Army Aviation

Partnering with Industry

From the Aviation Branch Chief

By MG Michael D. Lundy

1214 CG aTo win in a complex world requires material and non-material solutions that enable Army Aviation to maintain technological, leadership and training overmatch against our adversaries. Army Aviation currently provides our Nation with
a unique asymmetric advantage.

To maintain that advantage, we must continue to work closely with our industry partners to develop the best solutions for the future. However, development of random niche technologies cannot drive the way ahead; instead, we must focus our limited time and resources on developing capabilities focused on closing our highest priority gaps and requirements.

To maintain our asymmetric vertical lift and attack advantage, we must focus on affordable technologies that improve the speed, range, payload, survivability and lethality of both our current and future fleets without sacrificing performance in the objective area.

We must be able to extend our operational reach, penetrate enemy air defenses, and operate in degraded visual, degraded electronic and high/hot environments while still delivering precision ordnance, cargo and personnel with the networked situational understanding to support commanders and Soldiers on the ground. To realize our full potential as a maneuver element in the Joint Air Ground Team, Army Aviation must be able to fight and win in all conditions and environments.

Open Architectures and Common Protocols

To maintain leader overmatch, we must develop technologies that reduce training time and cognitive workload. Placing the complexity “behind the faceplate” might be more expensive initially, but the downstream savings combined with the increased time available to focus on collective war fighting versus individual task proficiency will cover the cost many times over. Ensuring that we build interoperable training aids, devices, simulations and simulators (both system and non-system) that are backwards compatible with existing Army systems is another critical requirement.

We cannot afford to continue to develop and procure stand-alone, single-purpose training systems. Using common terrain databases, open architectures and common protocols to allow full interoperability is the way ahead to ensure that systems are multi-purpose and compatible for both individual and collective training in both the institutional and operational Army.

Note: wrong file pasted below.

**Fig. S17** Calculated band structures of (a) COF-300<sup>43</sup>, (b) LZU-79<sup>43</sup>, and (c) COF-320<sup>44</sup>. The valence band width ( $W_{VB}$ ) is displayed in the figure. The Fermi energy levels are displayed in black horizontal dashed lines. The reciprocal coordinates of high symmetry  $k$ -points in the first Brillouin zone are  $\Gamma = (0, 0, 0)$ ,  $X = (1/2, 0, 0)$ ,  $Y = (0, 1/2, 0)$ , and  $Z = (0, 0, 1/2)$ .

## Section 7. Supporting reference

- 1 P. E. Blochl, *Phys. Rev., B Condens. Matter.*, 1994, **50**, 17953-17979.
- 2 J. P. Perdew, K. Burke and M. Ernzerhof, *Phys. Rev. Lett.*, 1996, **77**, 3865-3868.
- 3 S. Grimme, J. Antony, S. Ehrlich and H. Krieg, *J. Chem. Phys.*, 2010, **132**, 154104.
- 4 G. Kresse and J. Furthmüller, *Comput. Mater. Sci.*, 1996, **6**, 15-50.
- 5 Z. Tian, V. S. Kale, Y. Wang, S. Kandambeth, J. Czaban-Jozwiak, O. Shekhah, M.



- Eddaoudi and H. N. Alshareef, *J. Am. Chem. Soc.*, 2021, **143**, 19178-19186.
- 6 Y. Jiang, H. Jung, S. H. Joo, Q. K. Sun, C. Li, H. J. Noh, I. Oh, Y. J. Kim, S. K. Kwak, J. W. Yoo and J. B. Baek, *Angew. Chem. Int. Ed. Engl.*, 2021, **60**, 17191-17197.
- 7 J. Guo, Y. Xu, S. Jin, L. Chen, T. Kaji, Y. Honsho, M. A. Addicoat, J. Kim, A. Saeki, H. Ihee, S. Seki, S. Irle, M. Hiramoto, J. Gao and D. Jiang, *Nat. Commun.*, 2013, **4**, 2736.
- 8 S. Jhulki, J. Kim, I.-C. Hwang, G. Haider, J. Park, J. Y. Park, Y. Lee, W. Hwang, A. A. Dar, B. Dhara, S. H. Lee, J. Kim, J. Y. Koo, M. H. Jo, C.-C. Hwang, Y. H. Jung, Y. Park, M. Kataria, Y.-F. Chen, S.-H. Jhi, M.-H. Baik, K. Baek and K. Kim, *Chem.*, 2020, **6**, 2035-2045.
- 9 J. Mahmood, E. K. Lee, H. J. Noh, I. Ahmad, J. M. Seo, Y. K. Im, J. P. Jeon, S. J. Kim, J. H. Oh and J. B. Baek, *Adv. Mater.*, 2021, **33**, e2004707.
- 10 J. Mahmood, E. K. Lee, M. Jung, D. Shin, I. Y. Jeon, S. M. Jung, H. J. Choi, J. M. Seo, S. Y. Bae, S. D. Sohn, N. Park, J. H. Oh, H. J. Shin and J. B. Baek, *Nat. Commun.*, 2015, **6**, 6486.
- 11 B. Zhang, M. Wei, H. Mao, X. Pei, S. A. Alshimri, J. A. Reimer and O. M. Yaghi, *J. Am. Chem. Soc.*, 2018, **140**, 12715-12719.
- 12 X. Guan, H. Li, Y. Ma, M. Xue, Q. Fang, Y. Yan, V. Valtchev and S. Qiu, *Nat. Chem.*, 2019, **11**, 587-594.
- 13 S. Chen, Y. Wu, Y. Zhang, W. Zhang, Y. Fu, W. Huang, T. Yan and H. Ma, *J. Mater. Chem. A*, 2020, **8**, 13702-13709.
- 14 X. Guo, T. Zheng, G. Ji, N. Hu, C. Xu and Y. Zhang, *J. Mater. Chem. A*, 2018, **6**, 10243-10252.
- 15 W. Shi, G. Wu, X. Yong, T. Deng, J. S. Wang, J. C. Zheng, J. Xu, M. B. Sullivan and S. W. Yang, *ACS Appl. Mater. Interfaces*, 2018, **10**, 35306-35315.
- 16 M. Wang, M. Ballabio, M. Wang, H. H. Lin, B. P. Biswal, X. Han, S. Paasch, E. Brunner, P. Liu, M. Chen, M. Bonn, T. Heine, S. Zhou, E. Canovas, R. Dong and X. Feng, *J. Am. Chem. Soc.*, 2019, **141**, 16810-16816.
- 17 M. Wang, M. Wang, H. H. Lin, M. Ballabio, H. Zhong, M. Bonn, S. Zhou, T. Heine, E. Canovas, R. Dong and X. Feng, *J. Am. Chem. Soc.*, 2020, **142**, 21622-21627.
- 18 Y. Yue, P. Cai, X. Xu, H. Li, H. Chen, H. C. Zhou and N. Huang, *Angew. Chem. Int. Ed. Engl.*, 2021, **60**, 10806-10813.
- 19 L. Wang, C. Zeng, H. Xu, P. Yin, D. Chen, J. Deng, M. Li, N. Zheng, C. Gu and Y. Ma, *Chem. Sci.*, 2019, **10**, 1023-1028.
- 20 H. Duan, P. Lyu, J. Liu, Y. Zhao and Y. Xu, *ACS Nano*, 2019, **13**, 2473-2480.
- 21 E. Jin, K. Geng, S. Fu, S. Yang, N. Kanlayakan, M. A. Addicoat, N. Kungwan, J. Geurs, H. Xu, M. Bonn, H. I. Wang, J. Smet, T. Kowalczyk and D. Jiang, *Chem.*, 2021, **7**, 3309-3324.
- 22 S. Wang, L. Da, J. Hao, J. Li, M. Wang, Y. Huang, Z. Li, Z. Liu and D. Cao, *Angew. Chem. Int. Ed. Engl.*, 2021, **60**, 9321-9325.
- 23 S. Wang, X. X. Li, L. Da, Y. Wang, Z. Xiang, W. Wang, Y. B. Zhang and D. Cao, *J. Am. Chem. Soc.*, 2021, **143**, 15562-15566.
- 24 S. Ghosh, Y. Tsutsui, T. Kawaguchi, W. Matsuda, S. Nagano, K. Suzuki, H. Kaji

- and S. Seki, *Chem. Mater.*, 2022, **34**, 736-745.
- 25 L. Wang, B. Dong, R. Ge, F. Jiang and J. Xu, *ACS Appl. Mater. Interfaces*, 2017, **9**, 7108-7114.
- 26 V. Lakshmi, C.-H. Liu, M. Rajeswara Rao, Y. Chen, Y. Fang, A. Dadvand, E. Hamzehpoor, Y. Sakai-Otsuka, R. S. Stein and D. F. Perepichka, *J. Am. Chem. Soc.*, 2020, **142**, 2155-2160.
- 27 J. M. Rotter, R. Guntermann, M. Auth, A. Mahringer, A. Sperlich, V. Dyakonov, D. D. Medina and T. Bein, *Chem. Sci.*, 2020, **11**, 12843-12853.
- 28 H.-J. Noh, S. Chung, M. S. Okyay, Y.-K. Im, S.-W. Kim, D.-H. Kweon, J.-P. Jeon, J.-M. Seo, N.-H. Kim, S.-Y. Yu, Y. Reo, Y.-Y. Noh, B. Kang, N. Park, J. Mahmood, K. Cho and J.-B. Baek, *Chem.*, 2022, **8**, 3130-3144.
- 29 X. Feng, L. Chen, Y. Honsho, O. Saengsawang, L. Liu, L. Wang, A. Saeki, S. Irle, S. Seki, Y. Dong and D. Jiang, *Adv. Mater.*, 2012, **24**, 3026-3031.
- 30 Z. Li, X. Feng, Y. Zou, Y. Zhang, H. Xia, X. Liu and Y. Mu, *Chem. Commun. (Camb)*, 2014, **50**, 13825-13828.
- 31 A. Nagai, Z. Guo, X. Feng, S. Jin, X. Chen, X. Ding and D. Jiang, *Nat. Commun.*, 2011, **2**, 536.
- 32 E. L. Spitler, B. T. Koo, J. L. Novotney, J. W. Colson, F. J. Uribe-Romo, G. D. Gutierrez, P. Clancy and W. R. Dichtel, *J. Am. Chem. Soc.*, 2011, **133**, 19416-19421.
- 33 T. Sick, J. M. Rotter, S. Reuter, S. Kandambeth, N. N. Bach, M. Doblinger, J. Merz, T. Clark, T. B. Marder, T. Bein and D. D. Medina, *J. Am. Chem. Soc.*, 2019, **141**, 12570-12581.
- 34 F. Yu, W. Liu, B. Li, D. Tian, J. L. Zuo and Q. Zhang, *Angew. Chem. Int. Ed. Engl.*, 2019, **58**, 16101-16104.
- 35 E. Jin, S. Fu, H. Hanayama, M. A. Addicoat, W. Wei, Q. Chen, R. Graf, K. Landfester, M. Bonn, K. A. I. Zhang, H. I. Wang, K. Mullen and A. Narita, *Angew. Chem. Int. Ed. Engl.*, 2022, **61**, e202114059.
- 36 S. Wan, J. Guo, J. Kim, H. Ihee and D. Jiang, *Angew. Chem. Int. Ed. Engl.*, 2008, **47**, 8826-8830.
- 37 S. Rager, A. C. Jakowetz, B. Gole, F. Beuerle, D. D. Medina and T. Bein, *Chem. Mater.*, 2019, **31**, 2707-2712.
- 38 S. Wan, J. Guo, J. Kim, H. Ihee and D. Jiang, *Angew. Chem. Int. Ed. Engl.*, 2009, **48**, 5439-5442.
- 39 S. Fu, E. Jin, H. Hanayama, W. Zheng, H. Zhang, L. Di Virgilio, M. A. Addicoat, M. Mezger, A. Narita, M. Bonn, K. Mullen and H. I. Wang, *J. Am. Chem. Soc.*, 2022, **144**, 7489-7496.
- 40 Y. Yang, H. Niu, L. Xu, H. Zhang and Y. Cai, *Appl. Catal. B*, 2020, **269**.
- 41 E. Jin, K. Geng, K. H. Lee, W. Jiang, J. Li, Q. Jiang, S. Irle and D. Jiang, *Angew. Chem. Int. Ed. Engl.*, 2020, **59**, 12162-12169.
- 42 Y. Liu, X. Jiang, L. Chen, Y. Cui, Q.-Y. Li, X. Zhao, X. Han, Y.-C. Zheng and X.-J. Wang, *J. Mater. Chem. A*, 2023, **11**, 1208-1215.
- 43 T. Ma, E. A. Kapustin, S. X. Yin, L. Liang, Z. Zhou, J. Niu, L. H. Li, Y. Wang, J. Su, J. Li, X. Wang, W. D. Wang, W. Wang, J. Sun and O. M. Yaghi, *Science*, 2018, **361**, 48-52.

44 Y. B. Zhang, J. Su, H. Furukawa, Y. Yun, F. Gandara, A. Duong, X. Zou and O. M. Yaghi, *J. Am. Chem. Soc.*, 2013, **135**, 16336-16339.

More With Less

Underpinning all of this is our ability to generate combat power. Reduced force structure, increasing operational demands and personnel caps require that we fight in a higher weight class. We must develop capabilities to better sustain and maintain our aircraft without growth to the force. In fact, we need capabilities and designs that allow us to generate more combat power with less organizational structure and personnel.

Any new system or capability that incurs added manpower (Soldier or contractor field representative) or institutional/operational training requirements is dead on arrival.

As we move forward, our already strong partnership with industry will increasingly be more important. We will continue to expand our discussions to ensure that industry understands our priorities and requirements as we balance our limited resources to ensure that we maintain overmatch against our enemies.

We owe it to our Soldiers, and the maneuver commanders we support, to provide the most important and best capabilities today to ensure we win in the complex world of tomorrow.
Above the Best!

MG Michael D. Lundy is the Army Aviation branch chief and commander of the U.S. Army Aviation Center of Excellence and Fort Rucker, AL.

Caption: The Aviation Branch Chief was among numerous key Army aviation leaders who conducted question and answer sessions in the main exhibit hall Technology Learning Center during the 2014 Aviation Mission Solutions Summit, May 5th at the Opryland Hotel, Nashville, TN. / AAPI PHOTO BY RENÉ BIDEZ